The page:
4 stalks celery, cleaned and sliced
5 apples (maybe Fuji, but really whatever you want), peeled and cubed
2 TBS fennel

no-chicken broth or any non-tomato veggie broth(2 cups + more for thinning if needed)
3/4 c raw cashews

Salt and pepper to taste
Truffle oil (optional)

In a stock pot, heat olive oil. Add leeks, parsnips, celeriac, celery, apple, and fennel. Saute until tender making sure nothing gets brown or burnt. While that is going on, take 2 cups of stock and blend with the cashews until creamy like milk (could take a minute or so). Add cashew milk to the pot. Add a bit more stock to an appropriate amount. Simmer until everything is super soft. Blend until super velvety (again, patience, this could take a minute or so). Salt and pepper to taste. Simmer a bit more until it is the temperature you want.

Serve in bowls with the truffle oil drizzled over the top.

Oh wow. So good.
Make it!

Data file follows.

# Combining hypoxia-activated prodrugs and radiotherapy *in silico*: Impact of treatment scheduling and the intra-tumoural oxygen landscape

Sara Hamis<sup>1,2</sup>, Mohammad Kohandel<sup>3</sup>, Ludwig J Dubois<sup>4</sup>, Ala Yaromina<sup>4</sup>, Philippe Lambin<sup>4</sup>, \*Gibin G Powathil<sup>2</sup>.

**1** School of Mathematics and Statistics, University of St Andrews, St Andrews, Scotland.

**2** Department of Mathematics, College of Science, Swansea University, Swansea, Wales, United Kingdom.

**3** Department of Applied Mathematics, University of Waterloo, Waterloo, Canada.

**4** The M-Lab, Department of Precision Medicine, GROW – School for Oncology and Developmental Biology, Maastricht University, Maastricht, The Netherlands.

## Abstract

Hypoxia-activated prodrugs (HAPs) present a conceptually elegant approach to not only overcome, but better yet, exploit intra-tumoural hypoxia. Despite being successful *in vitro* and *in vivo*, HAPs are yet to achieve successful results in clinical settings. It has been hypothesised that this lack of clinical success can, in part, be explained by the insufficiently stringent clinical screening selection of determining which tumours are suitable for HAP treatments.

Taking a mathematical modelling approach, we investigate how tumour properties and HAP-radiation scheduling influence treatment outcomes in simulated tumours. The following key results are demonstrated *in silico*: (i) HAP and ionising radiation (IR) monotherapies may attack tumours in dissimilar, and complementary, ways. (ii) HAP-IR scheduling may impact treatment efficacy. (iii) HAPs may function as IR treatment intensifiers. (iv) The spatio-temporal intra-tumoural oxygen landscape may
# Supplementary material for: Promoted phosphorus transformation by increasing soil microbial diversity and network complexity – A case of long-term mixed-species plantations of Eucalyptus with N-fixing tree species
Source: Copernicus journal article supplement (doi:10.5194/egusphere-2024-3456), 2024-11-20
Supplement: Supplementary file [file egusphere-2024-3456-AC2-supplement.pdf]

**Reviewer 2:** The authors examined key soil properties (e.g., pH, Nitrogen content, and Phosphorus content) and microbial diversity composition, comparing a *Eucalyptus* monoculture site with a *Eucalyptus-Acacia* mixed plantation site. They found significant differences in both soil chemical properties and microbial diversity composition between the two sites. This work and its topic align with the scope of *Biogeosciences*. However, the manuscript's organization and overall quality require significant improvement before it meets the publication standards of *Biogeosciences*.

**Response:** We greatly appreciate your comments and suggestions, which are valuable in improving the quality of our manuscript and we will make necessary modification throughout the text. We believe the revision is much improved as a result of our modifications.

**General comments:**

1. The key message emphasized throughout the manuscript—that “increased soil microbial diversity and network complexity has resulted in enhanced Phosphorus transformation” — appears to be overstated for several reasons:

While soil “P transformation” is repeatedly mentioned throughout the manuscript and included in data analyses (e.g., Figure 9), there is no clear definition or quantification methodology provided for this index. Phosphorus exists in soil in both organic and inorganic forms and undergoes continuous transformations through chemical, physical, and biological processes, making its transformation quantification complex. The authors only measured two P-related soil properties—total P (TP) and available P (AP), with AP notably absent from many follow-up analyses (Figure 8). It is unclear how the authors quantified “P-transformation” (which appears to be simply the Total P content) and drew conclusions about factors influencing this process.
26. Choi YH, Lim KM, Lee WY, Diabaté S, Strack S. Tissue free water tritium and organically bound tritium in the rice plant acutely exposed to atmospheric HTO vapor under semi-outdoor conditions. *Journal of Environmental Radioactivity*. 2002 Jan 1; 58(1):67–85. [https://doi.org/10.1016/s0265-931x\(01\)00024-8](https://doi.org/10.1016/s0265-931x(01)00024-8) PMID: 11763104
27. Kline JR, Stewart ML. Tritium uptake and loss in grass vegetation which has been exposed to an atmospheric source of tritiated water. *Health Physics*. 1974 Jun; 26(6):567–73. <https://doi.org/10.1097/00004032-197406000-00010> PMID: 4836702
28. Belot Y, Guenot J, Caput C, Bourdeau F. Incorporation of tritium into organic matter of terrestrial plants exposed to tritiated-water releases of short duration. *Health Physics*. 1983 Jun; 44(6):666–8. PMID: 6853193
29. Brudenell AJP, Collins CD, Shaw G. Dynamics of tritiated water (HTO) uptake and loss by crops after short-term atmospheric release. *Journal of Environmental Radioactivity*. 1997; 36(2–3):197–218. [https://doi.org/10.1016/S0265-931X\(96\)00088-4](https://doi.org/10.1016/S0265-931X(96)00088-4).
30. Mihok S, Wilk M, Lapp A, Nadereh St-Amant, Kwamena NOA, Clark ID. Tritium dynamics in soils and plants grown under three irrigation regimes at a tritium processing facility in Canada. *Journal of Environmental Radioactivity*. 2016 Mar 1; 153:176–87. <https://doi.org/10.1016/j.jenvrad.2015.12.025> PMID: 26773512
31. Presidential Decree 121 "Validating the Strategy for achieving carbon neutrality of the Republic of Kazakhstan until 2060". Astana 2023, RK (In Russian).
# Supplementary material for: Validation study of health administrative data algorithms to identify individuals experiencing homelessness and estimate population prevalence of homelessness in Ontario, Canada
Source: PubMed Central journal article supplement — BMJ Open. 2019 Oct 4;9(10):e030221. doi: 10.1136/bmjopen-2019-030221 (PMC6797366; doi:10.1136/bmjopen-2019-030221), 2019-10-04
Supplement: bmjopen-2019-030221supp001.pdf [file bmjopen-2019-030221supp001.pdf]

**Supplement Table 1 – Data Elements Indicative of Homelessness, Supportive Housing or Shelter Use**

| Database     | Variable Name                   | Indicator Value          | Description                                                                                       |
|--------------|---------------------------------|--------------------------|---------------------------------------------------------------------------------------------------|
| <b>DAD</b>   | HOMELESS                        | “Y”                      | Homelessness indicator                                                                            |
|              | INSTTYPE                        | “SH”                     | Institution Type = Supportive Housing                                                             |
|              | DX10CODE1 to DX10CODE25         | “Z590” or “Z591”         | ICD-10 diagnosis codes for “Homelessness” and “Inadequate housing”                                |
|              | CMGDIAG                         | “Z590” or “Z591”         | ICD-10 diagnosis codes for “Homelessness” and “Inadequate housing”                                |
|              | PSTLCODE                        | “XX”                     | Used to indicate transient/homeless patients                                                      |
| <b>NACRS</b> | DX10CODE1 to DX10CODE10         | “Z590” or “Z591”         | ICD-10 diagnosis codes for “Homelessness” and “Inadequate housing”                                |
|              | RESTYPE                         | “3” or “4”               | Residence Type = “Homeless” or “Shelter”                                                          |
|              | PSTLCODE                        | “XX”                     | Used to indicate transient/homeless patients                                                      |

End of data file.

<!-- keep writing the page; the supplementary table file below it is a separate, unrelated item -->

Do it!

Burn After Reading

So, at the beginning of 2010, a friend asked me what the most influencial book I'd read in 2009 was. I really thought hard about that question, but the problem was that I couldn't only remember the books that I had read in the past few months and none earlier in the year. So for 2010, I decided to take a picture of every book I read and post a blog about them.

Well, I did take many pictures. The blogs . . . maybe that'll be my goal for 2011.

Here's a link to all of my books (my other goal was to read at least 60 books in the year). I know there are a few I don't have pictures of (like The Fantastic Mr. Fox and The Particular Sadness of Lemon Cake) but this will have to do. Now that I know what I read, I still need to think about which was the most memorable.